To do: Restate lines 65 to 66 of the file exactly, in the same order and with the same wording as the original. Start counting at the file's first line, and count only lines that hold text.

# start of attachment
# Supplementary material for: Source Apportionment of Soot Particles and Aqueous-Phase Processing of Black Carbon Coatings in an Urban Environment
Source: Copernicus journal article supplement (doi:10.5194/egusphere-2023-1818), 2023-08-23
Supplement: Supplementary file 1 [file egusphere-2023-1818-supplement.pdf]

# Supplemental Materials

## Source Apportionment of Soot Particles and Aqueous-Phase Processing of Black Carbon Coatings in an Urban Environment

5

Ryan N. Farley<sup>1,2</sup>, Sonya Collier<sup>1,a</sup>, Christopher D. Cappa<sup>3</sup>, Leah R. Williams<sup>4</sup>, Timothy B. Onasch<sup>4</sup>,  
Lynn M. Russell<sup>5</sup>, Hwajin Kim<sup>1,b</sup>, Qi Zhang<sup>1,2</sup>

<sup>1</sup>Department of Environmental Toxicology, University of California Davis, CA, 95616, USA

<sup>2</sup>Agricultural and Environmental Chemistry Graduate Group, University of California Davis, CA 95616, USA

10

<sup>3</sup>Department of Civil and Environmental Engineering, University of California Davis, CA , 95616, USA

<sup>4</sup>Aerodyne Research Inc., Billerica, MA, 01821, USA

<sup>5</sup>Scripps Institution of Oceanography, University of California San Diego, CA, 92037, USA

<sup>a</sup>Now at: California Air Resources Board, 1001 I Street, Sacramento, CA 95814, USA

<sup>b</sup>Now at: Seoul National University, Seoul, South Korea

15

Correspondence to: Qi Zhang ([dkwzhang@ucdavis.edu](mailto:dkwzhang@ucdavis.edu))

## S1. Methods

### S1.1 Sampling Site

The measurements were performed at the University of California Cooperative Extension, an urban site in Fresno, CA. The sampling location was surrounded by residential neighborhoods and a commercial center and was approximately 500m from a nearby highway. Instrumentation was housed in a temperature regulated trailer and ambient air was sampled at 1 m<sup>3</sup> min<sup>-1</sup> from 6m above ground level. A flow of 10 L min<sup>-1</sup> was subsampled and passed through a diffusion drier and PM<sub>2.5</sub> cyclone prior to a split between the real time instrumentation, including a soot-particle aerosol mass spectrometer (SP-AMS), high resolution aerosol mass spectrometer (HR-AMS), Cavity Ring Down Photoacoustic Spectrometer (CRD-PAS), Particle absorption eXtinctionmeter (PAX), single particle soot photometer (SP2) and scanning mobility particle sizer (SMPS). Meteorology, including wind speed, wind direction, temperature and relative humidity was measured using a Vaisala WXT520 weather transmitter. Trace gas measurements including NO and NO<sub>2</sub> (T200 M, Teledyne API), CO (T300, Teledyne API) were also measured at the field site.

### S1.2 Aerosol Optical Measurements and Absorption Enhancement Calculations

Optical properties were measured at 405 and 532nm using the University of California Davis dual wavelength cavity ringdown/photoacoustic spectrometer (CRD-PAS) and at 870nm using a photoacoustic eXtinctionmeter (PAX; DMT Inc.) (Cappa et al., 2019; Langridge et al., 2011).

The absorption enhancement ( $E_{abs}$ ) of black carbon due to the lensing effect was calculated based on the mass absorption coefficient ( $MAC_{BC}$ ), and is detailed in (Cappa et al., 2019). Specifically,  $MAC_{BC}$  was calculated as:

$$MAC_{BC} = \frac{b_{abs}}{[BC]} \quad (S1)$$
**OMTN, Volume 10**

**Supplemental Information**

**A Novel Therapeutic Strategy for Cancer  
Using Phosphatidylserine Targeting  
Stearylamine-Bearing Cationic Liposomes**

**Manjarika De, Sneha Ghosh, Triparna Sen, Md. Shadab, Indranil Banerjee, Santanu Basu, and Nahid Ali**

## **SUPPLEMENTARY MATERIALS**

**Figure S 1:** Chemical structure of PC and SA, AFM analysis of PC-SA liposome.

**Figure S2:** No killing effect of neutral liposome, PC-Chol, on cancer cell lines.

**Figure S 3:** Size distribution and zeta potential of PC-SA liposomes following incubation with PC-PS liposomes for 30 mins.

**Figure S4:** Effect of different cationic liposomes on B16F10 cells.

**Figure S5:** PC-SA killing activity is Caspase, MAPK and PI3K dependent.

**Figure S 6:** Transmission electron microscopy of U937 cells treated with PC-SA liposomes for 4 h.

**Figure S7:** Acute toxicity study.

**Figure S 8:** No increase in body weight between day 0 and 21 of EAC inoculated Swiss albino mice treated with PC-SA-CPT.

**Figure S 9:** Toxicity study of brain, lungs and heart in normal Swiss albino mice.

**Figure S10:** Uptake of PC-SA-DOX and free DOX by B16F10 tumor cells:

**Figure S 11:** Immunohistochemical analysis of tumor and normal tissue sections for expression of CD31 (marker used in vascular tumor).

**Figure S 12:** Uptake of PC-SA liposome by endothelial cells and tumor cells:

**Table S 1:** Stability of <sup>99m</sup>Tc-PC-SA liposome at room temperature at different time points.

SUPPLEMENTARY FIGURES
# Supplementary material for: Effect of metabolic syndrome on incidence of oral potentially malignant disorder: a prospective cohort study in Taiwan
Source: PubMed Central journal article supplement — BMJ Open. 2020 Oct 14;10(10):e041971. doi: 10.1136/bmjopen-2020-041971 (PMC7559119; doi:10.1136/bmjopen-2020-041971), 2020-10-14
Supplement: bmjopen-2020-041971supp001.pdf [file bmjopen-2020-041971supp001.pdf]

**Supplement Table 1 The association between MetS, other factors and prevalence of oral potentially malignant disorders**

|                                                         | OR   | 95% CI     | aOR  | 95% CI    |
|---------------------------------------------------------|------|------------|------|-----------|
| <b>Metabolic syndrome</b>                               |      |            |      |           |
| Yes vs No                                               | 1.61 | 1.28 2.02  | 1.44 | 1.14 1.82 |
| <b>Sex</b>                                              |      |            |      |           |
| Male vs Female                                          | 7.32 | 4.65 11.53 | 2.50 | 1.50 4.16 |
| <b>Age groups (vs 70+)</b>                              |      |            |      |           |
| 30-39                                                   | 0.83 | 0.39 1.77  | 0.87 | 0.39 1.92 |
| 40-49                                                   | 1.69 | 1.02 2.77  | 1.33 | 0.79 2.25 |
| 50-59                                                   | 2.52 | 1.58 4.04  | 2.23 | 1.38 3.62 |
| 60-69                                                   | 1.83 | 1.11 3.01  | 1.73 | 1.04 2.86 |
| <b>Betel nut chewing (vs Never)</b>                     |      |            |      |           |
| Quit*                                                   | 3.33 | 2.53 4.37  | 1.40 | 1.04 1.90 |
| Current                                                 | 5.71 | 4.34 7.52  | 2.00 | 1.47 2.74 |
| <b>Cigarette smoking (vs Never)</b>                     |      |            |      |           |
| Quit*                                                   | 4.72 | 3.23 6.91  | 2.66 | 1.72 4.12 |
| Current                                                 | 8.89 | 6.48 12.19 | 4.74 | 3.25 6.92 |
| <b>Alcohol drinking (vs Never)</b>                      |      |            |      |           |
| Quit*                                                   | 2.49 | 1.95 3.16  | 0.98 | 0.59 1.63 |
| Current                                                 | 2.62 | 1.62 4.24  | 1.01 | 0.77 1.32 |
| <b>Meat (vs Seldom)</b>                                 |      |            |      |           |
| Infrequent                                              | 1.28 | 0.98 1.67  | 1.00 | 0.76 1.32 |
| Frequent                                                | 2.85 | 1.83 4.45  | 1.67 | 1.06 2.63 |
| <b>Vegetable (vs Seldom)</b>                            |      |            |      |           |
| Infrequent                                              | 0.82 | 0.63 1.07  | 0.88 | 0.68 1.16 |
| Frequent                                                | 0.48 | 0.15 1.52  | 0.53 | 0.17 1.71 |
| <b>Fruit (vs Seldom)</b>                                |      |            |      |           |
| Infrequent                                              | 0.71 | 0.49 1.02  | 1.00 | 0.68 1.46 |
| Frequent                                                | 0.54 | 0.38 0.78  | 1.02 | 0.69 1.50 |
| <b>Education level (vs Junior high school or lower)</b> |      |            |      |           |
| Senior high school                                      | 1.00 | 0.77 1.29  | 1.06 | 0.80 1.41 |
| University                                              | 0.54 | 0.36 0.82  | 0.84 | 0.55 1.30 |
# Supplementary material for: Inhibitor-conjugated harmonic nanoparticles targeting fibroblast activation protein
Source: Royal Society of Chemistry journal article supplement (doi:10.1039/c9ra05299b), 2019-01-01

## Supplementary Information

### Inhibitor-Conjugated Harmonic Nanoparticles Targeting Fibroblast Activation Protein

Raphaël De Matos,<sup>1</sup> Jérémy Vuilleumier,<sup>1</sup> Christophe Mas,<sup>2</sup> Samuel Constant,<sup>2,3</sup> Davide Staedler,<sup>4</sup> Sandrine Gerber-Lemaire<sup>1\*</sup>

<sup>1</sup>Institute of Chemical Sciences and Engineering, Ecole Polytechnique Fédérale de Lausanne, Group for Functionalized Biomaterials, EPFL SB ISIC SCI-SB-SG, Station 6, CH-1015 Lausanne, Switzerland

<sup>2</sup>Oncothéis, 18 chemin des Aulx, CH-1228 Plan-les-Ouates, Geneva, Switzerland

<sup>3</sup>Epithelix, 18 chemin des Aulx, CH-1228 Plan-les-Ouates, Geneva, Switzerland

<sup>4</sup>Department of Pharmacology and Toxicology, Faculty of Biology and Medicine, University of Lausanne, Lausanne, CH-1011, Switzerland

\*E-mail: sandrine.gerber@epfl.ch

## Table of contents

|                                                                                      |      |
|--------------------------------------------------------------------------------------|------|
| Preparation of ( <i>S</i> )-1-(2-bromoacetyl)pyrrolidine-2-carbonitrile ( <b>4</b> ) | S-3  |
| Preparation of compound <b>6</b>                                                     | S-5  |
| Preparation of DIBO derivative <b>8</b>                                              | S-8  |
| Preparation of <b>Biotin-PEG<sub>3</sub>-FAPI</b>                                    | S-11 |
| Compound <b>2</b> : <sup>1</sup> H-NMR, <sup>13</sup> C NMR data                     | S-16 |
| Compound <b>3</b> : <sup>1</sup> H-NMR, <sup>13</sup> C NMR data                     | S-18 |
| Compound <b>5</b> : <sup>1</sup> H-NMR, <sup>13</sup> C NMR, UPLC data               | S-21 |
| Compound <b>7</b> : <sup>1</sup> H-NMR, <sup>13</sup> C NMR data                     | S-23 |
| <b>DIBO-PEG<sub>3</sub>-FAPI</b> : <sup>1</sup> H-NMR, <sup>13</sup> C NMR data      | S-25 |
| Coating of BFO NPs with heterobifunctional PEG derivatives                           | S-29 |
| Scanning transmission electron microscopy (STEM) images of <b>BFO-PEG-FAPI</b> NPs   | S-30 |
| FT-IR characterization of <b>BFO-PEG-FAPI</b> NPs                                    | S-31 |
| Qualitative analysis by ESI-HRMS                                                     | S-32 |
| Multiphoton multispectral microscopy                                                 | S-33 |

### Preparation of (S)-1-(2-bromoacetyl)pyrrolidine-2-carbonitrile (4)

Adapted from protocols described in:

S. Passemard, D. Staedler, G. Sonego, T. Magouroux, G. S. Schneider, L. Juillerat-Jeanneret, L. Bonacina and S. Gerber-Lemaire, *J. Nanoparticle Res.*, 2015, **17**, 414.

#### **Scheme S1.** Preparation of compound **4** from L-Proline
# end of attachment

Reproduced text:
| <b>Cigarette smoking (vs Never)</b>                     |      |            |      |           |
| Quit*                                                   | 4.72 | 3.23 6.91  | 2.66 | 1.72 4.12 |